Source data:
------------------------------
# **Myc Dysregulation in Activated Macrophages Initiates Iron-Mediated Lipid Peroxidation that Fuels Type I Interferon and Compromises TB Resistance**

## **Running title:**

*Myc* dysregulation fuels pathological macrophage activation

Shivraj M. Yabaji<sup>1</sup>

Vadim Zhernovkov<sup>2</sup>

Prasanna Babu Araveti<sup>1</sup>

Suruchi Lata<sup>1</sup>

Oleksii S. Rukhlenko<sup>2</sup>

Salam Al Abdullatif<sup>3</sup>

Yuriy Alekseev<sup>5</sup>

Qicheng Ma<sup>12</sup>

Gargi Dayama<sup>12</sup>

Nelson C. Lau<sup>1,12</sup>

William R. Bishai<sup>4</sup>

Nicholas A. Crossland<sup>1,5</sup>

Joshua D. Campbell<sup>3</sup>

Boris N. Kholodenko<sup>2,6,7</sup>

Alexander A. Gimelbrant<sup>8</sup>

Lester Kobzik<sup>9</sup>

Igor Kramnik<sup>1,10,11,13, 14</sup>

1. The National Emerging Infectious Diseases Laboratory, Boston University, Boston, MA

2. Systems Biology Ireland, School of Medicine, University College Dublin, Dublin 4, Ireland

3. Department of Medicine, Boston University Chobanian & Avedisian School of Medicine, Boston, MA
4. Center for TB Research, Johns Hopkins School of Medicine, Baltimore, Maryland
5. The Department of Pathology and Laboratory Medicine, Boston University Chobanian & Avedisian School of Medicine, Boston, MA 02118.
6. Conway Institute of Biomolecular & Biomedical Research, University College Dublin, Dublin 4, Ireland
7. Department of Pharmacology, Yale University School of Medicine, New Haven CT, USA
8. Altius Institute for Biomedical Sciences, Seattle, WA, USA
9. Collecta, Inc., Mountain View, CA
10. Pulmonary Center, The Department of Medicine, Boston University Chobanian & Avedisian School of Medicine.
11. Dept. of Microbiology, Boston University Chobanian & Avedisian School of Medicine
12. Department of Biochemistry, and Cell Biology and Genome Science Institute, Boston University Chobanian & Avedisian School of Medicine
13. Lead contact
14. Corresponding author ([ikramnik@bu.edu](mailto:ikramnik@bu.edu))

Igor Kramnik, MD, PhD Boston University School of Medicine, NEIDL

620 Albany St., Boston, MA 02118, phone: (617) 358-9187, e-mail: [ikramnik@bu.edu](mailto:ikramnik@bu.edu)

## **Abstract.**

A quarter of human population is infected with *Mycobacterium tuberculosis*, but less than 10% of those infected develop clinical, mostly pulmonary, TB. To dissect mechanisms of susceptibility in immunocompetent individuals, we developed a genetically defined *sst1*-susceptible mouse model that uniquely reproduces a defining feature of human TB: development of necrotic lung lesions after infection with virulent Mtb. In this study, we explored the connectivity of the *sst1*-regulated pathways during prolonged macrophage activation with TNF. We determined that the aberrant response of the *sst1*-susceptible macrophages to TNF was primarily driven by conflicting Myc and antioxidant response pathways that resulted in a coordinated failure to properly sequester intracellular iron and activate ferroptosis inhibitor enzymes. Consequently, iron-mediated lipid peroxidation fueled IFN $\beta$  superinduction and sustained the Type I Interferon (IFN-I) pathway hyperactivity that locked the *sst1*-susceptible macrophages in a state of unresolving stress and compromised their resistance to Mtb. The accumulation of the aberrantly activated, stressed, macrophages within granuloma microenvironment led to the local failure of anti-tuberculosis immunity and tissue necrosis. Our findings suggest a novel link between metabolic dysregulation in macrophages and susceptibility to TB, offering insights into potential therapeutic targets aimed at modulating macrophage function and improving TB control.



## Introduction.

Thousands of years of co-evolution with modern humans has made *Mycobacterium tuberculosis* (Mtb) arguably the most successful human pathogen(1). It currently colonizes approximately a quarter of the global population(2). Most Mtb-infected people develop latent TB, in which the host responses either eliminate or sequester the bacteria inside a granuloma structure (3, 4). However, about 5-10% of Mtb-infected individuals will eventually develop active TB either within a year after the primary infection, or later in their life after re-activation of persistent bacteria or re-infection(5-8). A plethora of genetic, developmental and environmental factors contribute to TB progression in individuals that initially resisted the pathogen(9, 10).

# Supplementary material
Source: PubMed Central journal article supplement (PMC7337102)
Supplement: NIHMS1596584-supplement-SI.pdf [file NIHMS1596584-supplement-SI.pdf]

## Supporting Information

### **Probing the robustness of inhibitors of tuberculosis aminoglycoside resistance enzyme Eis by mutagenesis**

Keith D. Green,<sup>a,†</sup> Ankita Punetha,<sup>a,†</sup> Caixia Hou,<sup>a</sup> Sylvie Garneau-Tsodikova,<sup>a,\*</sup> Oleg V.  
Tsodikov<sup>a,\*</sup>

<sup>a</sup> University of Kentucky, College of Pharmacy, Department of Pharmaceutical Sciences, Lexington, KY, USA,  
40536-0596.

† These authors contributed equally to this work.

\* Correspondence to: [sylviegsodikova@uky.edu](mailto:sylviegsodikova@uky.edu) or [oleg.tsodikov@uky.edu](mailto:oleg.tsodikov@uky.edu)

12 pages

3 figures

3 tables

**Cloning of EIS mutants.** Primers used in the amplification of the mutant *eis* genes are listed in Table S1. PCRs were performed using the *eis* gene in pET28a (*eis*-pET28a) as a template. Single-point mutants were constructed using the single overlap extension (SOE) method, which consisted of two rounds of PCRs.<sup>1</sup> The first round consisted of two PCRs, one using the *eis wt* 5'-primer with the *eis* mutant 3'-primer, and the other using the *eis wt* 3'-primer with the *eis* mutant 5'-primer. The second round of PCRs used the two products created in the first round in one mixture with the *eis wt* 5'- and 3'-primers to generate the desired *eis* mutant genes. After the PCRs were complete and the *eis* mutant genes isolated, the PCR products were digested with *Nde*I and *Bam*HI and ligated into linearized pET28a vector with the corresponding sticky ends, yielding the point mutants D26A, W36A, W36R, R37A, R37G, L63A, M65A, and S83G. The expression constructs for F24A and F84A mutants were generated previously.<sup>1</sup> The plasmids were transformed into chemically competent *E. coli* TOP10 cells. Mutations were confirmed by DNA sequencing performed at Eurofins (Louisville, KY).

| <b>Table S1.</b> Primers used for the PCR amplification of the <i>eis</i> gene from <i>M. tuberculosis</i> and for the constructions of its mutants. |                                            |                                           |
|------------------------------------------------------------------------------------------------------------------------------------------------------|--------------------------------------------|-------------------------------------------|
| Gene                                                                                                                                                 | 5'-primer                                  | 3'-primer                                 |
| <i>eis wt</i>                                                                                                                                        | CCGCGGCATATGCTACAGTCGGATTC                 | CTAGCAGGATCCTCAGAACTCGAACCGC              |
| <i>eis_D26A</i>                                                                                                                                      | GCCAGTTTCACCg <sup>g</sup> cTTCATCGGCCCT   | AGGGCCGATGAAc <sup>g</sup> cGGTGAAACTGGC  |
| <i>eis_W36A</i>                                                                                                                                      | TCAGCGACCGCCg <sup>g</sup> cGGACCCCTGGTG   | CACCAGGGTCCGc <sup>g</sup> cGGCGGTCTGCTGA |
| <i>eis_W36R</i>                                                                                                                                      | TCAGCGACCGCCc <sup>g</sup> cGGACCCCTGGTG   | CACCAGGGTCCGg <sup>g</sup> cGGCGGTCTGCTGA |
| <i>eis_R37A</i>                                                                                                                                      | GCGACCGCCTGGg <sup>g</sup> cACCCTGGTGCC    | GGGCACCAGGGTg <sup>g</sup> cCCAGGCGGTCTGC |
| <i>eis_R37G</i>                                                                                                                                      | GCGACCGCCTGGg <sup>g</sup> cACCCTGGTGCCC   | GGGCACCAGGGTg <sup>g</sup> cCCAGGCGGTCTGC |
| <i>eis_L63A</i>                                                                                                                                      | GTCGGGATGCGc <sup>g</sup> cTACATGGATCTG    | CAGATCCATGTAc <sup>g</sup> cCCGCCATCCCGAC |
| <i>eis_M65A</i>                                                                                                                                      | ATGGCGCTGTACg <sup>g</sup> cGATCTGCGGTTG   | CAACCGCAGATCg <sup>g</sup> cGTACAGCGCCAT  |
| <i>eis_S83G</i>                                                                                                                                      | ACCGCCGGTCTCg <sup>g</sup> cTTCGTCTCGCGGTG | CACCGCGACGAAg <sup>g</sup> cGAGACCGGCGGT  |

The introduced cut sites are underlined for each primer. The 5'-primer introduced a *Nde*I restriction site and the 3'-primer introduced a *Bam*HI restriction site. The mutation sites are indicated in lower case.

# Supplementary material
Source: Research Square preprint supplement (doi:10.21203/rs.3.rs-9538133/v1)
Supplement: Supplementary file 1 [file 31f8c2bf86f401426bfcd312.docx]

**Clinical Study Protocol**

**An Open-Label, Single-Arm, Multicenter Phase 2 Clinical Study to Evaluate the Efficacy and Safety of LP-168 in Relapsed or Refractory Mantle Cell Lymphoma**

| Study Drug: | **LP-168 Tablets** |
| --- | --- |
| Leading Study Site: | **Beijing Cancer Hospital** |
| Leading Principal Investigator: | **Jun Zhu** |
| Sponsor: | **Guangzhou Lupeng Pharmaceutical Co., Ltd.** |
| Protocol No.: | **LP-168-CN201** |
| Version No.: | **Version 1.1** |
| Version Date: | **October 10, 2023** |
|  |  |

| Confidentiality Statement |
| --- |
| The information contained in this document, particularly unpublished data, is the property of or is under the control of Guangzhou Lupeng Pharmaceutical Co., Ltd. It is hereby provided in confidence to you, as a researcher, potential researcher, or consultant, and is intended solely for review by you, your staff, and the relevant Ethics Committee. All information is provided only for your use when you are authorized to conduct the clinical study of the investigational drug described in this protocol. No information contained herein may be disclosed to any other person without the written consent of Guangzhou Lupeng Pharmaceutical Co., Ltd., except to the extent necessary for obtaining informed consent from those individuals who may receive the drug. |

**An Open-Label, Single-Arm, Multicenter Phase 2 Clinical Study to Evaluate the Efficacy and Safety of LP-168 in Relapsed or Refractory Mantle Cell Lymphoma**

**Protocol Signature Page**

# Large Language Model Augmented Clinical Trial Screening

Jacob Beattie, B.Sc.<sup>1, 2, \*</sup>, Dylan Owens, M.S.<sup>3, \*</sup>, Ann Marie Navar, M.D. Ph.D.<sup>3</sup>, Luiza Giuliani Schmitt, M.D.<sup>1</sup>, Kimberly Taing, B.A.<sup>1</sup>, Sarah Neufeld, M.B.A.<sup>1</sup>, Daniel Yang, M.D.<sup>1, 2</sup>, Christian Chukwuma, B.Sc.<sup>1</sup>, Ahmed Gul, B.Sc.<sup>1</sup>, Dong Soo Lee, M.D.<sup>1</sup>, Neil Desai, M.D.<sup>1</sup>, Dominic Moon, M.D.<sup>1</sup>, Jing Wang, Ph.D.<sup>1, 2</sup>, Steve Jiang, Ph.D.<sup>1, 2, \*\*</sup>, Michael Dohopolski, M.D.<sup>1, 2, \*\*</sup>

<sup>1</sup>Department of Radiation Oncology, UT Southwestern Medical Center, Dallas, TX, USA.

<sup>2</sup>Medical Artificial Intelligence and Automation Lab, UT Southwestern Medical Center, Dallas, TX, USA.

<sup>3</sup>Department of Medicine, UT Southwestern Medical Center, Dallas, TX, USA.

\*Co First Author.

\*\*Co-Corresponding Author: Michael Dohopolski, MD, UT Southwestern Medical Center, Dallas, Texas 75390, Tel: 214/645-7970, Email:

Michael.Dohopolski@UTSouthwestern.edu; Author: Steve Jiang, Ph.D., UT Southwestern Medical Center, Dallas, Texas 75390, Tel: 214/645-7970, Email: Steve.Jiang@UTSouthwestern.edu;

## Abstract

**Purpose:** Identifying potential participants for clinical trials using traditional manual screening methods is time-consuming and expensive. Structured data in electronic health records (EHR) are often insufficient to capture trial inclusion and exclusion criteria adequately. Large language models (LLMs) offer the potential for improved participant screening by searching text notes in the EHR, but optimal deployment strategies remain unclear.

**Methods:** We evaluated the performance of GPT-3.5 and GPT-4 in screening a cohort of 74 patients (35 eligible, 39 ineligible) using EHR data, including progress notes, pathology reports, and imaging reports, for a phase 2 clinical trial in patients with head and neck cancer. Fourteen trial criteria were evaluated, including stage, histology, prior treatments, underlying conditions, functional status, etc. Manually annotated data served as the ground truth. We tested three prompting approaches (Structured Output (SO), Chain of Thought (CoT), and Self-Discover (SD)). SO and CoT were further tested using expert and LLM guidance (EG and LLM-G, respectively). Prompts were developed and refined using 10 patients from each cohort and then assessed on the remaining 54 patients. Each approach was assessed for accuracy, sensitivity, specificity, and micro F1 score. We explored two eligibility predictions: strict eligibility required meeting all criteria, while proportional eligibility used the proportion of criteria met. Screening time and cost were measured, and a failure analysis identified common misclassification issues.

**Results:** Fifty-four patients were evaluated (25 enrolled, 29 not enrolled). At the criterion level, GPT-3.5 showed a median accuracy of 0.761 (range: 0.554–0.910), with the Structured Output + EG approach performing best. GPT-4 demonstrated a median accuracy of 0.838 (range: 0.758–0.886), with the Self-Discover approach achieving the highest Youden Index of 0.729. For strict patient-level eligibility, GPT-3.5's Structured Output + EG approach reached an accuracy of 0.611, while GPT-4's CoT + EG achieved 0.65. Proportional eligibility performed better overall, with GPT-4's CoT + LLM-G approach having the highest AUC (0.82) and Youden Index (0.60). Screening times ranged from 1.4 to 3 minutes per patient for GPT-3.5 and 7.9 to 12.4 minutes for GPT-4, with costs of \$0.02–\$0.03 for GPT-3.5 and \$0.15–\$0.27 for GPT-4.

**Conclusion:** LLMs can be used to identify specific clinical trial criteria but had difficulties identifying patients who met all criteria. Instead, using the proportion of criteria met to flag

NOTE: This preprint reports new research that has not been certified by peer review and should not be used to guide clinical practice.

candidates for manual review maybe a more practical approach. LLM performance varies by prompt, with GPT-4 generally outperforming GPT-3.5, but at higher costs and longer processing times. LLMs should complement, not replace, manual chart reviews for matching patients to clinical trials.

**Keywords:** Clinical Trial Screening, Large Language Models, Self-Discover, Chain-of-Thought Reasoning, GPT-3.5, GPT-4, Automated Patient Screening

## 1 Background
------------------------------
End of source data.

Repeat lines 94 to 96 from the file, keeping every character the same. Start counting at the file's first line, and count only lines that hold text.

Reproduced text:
\*\*Co-Corresponding Author: Michael Dohopolski, MD, UT Southwestern Medical Center, Dallas, Texas 75390, Tel: 214/645-7970, Email:

Michael.Dohopolski@UTSouthwestern.edu; Author: Steve Jiang, Ph.D., UT Southwestern Medical Center, Dallas, Texas 75390, Tel: 214/645-7970, Email: Steve.Jiang@UTSouthwestern.edu;

## Abstract